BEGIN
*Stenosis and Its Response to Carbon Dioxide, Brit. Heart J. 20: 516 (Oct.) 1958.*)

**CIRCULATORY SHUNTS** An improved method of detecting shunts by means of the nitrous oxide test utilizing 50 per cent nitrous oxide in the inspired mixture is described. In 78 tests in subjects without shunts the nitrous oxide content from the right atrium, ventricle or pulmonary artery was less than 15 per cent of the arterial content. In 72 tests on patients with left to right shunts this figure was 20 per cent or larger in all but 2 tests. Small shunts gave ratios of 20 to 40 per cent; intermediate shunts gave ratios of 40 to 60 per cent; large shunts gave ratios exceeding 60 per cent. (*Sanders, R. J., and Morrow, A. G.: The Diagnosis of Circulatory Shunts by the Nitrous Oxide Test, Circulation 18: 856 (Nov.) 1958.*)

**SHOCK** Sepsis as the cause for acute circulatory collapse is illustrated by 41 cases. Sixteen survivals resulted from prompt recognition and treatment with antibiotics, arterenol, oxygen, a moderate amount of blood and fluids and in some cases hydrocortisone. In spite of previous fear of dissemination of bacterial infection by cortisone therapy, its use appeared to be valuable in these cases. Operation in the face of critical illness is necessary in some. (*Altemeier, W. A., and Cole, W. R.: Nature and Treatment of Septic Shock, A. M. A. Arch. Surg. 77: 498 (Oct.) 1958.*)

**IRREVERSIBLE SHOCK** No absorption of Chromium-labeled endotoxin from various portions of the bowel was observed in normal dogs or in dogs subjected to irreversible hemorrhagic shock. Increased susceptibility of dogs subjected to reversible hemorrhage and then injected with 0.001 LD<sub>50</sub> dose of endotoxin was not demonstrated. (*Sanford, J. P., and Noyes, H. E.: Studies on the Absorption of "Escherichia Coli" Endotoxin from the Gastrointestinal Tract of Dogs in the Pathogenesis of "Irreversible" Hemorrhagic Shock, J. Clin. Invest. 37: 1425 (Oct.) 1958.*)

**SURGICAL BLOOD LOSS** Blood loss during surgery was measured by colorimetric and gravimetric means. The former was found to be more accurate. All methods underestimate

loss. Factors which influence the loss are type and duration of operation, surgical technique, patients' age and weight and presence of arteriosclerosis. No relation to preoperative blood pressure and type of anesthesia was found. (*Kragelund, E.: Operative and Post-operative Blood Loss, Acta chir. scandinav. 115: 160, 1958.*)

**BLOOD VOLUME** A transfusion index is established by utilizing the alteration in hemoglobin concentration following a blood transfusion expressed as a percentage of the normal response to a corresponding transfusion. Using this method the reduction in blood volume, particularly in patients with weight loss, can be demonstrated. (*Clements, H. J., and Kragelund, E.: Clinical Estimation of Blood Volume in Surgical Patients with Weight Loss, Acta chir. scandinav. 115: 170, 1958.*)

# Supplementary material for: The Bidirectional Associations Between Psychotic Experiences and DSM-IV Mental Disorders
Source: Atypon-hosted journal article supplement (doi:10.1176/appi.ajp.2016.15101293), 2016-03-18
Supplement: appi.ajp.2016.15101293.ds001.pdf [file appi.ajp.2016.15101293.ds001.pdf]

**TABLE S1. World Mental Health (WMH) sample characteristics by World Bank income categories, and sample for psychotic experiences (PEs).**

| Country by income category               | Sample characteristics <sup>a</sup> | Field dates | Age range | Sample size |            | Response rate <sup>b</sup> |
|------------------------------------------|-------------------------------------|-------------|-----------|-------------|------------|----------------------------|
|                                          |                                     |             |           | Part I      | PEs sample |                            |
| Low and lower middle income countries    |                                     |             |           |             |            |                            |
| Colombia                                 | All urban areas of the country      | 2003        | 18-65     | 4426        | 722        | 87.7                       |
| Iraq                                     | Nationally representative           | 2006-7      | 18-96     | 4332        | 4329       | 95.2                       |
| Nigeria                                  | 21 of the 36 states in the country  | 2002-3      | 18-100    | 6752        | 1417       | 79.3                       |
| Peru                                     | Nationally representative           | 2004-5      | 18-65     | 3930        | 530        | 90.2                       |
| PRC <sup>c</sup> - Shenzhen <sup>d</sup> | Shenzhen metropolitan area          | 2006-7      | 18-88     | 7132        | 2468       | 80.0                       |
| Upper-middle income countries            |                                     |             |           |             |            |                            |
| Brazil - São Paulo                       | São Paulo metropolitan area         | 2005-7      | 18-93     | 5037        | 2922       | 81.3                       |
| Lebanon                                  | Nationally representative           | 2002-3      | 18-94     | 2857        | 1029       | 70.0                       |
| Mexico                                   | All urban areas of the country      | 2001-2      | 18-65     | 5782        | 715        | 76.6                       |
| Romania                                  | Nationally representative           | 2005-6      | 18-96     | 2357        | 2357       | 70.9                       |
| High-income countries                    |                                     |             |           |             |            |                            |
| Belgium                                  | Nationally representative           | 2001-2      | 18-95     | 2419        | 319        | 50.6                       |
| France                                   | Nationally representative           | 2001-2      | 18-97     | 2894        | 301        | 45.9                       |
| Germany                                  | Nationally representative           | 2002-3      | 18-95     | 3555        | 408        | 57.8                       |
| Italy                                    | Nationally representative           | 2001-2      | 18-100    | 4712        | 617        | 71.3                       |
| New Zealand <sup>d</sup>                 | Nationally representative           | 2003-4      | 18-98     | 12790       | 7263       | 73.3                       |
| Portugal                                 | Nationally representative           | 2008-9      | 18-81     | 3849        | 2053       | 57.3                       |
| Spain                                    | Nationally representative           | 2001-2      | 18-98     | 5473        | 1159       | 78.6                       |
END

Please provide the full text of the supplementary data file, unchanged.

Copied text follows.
*Stenosis and Its Response to Carbon Dioxide, Brit. Heart J. 20: 516 (Oct.) 1958.*)

**CIRCULATORY SHUNTS** An improved method of detecting shunts by means of the nitrous oxide test utilizing 50 per cent nitrous oxide in the inspired mixture is described. In 78 tests in subjects without shunts the nitrous oxide content from the right atrium, ventricle or pulmonary artery was less than 15 per cent of the arterial content. In 72 tests on patients with left to right shunts this figure was 20 per cent or larger in all but 2 tests. Small shunts gave ratios of 20 to 40 per cent; intermediate shunts gave ratios of 40 to 60 per cent; large shunts gave ratios exceeding 60 per cent. (*Sanders, R. J., and Morrow, A. G.: The Diagnosis of Circulatory Shunts by the Nitrous Oxide Test, Circulation 18: 856 (Nov.) 1958.*)

**SHOCK** Sepsis as the cause for acute circulatory collapse is illustrated by 41 cases. Sixteen survivals resulted from prompt recognition and treatment with antibiotics, arterenol, oxygen, a moderate amount of blood and fluids and in some cases hydrocortisone. In spite of previous fear of dissemination of bacterial infection by cortisone therapy, its use appeared to be valuable in these cases. Operation in the face of critical illness is necessary in some. (*Altemeier, W. A., and Cole, W. R.: Nature and Treatment of Septic Shock, A. M. A. Arch. Surg. 77: 498 (Oct.) 1958.*)

**IRREVERSIBLE SHOCK** No absorption of Chromium-labeled endotoxin from various portions of the bowel was observed in normal dogs or in dogs subjected to irreversible hemorrhagic shock. Increased susceptibility of dogs subjected to reversible hemorrhage and then injected with 0.001 LD<sub>50</sub> dose of endotoxin was not demonstrated. (*Sanford, J. P., and Noyes, H. E.: Studies on the Absorption of "Escherichia Coli" Endotoxin from the Gastrointestinal Tract of Dogs in the Pathogenesis of "Irreversible" Hemorrhagic Shock, J. Clin. Invest. 37: 1425 (Oct.) 1958.*)

**SURGICAL BLOOD LOSS** Blood loss during surgery was measured by colorimetric and gravimetric means. The former was found to be more accurate. All methods underestimate

loss. Factors which influence the loss are type and duration of operation, surgical technique, patients' age and weight and presence of arteriosclerosis. No relation to preoperative blood pressure and type of anesthesia was found. (*Kragelund, E.: Operative and Post-operative Blood Loss, Acta chir. scandinav. 115: 160, 1958.*)

**BLOOD VOLUME** A transfusion index is established by utilizing the alteration in hemoglobin concentration following a blood transfusion expressed as a percentage of the normal response to a corresponding transfusion. Using this method the reduction in blood volume, particularly in patients with weight loss, can be demonstrated. (*Clements, H. J., and Kragelund, E.: Clinical Estimation of Blood Volume in Surgical Patients with Weight Loss, Acta chir. scandinav. 115: 170, 1958.*)

# Supplementary material for: The Bidirectional Associations Between Psychotic Experiences and DSM-IV Mental Disorders
Source: Atypon-hosted journal article supplement (doi:10.1176/appi.ajp.2016.15101293), 2016-03-18
Supplement: appi.ajp.2016.15101293.ds001.pdf [file appi.ajp.2016.15101293.ds001.pdf]

**TABLE S1. World Mental Health (WMH) sample characteristics by World Bank income categories, and sample for psychotic experiences (PEs).**

| Country by income category               | Sample characteristics <sup>a</sup> | Field dates | Age range | Sample size |            | Response rate <sup>b</sup> |
|------------------------------------------|-------------------------------------|-------------|-----------|-------------|------------|----------------------------|
|                                          |                                     |             |           | Part I      | PEs sample |                            |
| Low and lower middle income countries    |                                     |             |           |             |            |                            |
| Colombia                                 | All urban areas of the country      | 2003        | 18-65     | 4426        | 722        | 87.7                       |
| Iraq                                     | Nationally representative           | 2006-7      | 18-96     | 4332        | 4329       | 95.2                       |
| Nigeria                                  | 21 of the 36 states in the country  | 2002-3      | 18-100    | 6752        | 1417       | 79.3                       |
| Peru                                     | Nationally representative           | 2004-5      | 18-65     | 3930        | 530        | 90.2                       |
| PRC <sup>c</sup> - Shenzhen <sup>d</sup> | Shenzhen metropolitan area          | 2006-7      | 18-88     | 7132        | 2468       | 80.0                       |
| Upper-middle income countries            |                                     |             |           |             |            |                            |
| Brazil - São Paulo                       | São Paulo metropolitan area         | 2005-7      | 18-93     | 5037        | 2922       | 81.3                       |
| Lebanon                                  | Nationally representative           | 2002-3      | 18-94     | 2857        | 1029       | 70.0                       |
| Mexico                                   | All urban areas of the country      | 2001-2      | 18-65     | 5782        | 715        | 76.6                       |
| Romania                                  | Nationally representative           | 2005-6      | 18-96     | 2357        | 2357       | 70.9                       |
| High-income countries                    |                                     |             |           |             |            |                            |
| Belgium                                  | Nationally representative           | 2001-2      | 18-95     | 2419        | 319        | 50.6                       |
| France                                   | Nationally representative           | 2001-2      | 18-97     | 2894        | 301        | 45.9                       |
| Germany                                  | Nationally representative           | 2002-3      | 18-95     | 3555        | 408        | 57.8                       |
| Italy                                    | Nationally representative           | 2001-2      | 18-100    | 4712        | 617        | 71.3                       |
| New Zealand <sup>d</sup>                 | Nationally representative           | 2003-4      | 18-98     | 12790       | 7263       | 73.3                       |
| Portugal                                 | Nationally representative           | 2008-9      | 18-81     | 3849        | 2053       | 57.3                       |
| Spain                                    | Nationally representative           | 2001-2      | 18-98     | 5473        | 1159       | 78.6                       |